This smiling little grandmother was overwhelmed by all the attentions she received. In addition to visits from devoted members of her family and friends, she received three fancy cakes, more than 90 cards, cookies and flowers by the dozens.
One of the highlights of the day was the anticipation of a phone conversation with Mrs.
George Babler of Frenchtown who was 90 on Oct. 8. The women, who have been friends since childhood, jokingly refer to each other as "twins."
Born At Hopetown
Mrs. Mader was born Oct. 7 1861, in Hopetown to Adam and Melissa Hankel Gartner.
Her parents had come to this country from Germany when they were small children.
This entraining nonagenarian can spin tales of her youth by the hour and she loves to
reminisce about her wonderful childhood in Hopetown.
Mrs. Mader attended the little one-room brick schoolhouse at Hopetown until she was 13. Then her father, anxious for his family to acquire more education, sent the children to James Poe's Private-School on Hickory Street. The 90 year old remembered that Mr. Poe was a wonderful teacher and when she left the school at 17, she had a full high school education. In class with her were John I. Vanmeter, Will Sulzbacher, Albert Keim, the Harness boys and the Smith family from Hopetown.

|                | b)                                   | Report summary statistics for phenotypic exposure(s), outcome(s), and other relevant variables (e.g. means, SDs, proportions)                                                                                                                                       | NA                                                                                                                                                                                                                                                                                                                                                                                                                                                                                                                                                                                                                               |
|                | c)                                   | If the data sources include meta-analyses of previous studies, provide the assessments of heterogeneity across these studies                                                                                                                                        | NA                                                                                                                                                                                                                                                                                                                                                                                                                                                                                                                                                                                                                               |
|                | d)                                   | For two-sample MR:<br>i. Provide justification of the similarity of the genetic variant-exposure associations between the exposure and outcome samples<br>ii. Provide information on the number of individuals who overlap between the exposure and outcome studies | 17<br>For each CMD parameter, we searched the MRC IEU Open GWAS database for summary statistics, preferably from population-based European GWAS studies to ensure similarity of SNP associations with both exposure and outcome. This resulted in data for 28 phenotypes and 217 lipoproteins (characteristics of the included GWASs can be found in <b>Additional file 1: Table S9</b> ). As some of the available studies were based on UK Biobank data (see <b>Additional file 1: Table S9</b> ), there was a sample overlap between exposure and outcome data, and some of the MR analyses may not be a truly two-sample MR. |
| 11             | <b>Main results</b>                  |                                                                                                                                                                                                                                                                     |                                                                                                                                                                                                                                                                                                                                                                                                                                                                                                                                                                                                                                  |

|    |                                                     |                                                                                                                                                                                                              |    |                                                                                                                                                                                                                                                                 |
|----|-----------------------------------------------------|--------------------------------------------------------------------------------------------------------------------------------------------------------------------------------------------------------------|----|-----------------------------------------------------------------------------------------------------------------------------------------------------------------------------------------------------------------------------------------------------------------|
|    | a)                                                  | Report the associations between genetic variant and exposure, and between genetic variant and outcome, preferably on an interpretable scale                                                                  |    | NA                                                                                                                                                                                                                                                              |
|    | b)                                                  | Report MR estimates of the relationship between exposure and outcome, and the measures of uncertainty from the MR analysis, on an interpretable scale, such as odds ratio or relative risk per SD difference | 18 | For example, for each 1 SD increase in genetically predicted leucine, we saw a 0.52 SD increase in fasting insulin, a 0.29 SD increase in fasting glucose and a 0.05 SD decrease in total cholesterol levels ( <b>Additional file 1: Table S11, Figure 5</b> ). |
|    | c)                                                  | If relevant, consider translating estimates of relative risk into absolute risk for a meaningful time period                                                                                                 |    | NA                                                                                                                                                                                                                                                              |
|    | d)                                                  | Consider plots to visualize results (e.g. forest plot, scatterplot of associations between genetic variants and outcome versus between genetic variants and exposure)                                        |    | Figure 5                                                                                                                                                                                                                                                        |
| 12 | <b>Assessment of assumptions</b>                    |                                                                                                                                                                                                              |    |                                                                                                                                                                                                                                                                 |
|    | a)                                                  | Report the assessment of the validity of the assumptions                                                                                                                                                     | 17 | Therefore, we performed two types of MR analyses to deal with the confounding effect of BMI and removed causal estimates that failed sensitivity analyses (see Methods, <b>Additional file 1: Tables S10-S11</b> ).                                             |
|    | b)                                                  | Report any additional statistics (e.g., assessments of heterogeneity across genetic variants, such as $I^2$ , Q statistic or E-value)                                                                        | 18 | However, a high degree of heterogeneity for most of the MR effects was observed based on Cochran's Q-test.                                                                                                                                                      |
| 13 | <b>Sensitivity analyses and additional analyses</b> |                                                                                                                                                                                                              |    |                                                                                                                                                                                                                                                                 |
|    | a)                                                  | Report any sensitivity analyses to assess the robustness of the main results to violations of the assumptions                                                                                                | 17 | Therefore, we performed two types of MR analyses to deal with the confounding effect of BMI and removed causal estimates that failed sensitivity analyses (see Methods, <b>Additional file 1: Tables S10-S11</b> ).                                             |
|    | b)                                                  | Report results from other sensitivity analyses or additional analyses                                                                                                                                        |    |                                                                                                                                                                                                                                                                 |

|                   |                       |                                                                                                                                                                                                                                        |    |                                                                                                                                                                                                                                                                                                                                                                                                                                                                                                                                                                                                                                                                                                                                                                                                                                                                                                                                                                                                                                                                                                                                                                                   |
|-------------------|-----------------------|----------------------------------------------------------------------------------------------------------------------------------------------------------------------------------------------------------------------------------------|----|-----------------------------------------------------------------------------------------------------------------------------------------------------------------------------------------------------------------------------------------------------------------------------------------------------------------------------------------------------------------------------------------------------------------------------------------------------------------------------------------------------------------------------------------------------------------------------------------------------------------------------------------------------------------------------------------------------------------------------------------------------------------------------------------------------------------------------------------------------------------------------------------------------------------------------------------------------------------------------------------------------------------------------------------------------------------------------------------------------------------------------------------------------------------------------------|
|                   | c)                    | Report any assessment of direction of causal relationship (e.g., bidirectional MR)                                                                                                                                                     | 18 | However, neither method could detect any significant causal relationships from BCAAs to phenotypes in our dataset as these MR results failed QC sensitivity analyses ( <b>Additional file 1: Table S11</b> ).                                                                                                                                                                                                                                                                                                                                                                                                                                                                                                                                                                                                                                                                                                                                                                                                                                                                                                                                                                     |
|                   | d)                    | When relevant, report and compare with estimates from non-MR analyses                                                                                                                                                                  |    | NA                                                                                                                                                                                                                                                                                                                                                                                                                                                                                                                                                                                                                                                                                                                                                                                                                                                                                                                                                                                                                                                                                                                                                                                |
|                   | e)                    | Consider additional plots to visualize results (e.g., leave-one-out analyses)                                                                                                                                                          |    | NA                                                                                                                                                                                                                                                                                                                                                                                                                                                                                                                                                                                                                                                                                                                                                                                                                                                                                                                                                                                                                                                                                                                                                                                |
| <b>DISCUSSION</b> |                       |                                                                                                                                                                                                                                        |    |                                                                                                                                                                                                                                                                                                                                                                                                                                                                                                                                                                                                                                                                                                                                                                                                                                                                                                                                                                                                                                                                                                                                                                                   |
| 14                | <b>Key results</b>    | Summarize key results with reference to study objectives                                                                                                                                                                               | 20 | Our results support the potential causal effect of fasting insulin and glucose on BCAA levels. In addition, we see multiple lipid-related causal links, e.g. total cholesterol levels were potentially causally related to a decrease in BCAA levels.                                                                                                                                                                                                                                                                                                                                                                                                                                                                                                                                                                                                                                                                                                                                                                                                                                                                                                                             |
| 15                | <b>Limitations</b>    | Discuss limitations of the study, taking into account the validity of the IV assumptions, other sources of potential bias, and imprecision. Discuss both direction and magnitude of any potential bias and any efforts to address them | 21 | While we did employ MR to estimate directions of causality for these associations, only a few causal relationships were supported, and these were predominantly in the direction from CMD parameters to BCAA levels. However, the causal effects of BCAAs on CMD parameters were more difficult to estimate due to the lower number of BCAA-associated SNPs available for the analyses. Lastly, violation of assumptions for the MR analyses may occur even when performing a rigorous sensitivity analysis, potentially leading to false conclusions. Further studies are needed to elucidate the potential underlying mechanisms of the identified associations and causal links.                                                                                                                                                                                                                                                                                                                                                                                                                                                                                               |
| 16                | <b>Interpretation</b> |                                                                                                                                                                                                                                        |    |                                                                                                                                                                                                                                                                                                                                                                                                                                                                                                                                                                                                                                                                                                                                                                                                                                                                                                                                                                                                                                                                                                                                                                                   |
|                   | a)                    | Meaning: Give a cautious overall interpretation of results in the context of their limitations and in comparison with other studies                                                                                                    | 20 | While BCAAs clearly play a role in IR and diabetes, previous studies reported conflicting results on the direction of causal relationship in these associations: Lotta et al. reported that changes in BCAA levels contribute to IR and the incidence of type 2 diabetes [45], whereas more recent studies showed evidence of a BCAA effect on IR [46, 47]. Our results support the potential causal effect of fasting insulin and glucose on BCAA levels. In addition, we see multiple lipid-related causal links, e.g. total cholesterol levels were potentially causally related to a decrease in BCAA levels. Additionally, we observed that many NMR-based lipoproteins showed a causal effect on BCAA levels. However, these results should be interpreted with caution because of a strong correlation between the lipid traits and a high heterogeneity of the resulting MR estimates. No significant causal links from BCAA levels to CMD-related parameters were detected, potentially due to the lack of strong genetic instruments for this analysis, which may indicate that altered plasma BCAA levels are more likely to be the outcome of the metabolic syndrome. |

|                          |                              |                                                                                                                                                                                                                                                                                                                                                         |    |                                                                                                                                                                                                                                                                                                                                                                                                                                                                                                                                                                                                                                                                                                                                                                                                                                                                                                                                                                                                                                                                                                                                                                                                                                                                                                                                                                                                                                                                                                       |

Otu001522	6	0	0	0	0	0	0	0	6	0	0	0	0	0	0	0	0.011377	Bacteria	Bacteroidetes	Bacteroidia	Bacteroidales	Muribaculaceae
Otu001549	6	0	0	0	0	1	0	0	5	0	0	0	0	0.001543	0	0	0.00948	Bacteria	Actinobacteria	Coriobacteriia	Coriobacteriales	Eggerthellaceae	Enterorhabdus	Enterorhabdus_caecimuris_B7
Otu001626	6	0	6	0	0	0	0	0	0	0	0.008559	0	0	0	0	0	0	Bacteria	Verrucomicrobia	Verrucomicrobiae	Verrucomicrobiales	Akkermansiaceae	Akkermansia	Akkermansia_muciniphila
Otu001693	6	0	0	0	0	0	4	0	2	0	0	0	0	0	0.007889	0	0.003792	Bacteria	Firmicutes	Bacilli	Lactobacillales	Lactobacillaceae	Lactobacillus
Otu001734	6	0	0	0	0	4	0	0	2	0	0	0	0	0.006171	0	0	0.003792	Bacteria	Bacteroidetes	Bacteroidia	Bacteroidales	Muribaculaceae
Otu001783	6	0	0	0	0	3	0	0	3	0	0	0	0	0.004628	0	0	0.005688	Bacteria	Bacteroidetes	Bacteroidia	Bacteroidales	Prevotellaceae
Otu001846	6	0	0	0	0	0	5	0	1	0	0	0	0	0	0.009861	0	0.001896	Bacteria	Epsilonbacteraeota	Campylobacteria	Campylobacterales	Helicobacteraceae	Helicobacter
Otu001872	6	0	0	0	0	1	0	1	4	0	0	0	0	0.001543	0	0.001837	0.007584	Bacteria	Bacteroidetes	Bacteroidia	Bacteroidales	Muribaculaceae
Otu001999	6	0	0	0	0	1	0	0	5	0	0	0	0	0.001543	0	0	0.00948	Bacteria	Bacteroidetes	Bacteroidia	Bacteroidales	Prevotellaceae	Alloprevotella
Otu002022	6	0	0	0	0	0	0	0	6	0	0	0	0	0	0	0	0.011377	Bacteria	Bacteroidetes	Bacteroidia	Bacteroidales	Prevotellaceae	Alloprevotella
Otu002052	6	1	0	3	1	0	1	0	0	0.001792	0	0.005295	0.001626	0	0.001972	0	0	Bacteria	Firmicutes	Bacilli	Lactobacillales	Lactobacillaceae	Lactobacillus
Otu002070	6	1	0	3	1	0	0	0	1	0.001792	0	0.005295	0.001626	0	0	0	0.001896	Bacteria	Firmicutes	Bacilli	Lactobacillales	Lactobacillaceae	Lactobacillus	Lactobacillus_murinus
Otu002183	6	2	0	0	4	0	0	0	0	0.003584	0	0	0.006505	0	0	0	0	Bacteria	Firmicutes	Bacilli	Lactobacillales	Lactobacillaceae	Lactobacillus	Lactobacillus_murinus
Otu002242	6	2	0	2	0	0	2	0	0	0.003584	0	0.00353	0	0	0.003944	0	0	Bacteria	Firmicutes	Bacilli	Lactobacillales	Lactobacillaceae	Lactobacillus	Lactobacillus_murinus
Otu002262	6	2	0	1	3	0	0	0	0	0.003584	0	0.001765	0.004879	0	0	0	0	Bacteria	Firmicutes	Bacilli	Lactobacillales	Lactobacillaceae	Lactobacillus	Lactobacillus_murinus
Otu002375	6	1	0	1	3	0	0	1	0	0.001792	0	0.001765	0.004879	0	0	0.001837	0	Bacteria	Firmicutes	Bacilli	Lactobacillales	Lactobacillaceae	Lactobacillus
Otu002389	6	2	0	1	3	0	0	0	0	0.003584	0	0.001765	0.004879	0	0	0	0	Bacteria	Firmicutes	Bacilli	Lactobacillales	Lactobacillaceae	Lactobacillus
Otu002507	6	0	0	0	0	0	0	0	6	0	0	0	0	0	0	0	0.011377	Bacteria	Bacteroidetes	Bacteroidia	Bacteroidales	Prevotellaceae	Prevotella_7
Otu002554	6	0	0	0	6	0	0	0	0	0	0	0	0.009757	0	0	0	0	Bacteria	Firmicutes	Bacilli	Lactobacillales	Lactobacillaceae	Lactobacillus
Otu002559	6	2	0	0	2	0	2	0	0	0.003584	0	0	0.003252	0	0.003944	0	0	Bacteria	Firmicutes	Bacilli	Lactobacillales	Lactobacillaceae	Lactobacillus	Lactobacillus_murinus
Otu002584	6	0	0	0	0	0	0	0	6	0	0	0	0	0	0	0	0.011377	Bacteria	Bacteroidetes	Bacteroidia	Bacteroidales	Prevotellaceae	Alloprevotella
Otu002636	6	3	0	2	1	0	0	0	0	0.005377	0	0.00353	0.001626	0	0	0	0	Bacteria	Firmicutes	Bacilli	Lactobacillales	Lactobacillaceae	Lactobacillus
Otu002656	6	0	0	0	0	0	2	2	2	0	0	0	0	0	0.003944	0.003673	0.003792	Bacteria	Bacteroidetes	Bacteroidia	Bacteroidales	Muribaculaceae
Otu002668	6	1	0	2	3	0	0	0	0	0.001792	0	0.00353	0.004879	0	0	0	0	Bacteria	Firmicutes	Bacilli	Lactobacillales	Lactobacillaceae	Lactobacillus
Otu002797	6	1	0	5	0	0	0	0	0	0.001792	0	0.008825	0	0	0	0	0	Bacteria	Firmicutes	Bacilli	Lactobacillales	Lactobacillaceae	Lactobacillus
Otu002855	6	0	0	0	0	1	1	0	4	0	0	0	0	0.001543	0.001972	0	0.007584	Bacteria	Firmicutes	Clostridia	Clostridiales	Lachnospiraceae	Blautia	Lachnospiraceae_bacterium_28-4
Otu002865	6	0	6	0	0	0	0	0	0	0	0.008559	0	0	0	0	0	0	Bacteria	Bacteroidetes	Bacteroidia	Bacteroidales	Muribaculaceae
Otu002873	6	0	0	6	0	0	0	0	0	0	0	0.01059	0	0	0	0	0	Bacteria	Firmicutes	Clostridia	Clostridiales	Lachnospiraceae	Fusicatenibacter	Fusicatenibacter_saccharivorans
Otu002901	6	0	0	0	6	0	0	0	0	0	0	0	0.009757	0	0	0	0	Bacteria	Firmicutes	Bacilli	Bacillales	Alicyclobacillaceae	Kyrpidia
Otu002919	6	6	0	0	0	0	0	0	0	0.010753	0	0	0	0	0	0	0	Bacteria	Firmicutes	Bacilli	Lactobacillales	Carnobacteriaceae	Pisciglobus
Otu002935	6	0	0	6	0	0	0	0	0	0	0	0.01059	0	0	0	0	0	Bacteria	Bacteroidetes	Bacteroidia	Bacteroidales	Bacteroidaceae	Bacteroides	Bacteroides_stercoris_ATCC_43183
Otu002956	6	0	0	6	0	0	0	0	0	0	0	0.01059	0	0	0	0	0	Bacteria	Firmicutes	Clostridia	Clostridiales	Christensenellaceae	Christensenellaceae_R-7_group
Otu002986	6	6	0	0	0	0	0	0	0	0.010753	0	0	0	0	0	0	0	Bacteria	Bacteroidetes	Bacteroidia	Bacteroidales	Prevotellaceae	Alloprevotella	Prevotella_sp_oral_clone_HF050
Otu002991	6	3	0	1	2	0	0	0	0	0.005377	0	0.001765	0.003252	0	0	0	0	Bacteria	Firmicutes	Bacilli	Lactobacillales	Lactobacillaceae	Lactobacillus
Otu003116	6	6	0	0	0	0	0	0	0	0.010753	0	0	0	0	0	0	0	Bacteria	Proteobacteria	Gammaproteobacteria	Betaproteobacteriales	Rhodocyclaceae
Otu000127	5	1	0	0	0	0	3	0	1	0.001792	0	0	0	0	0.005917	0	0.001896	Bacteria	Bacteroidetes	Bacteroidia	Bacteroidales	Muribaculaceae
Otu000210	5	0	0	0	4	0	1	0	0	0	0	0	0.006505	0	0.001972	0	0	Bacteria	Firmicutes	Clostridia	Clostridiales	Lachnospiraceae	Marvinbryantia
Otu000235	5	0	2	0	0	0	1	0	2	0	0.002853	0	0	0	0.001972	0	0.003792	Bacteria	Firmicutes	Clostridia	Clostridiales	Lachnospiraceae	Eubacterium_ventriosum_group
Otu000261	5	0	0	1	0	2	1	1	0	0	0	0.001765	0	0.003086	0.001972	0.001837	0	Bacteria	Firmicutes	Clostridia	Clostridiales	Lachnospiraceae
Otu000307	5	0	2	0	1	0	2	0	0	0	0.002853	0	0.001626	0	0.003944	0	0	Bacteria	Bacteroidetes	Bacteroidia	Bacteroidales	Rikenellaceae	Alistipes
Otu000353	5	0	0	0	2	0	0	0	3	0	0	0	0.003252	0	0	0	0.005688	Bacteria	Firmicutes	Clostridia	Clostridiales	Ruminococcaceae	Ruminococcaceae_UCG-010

Speaking of traveling to and from Chillicothe by express, reminded Mrs. Mader of one of her greatest victories. From the time she could toddle, she loved to be around horses. When she was in her late teens, her father had an exceptionally fast trotter, named Fannie.
It is hard to visualize Mrs. Mader as a daredevil, but she maintains she was quite the
tomboy" type in those days. Whenever she had Fannie on the road, she would race any and everything that came her way. Finally, her father issued strict orders about no more racing and the matter was considered closed.
However, one afternoon she was obliged to race--for Fannie's honor. a young man,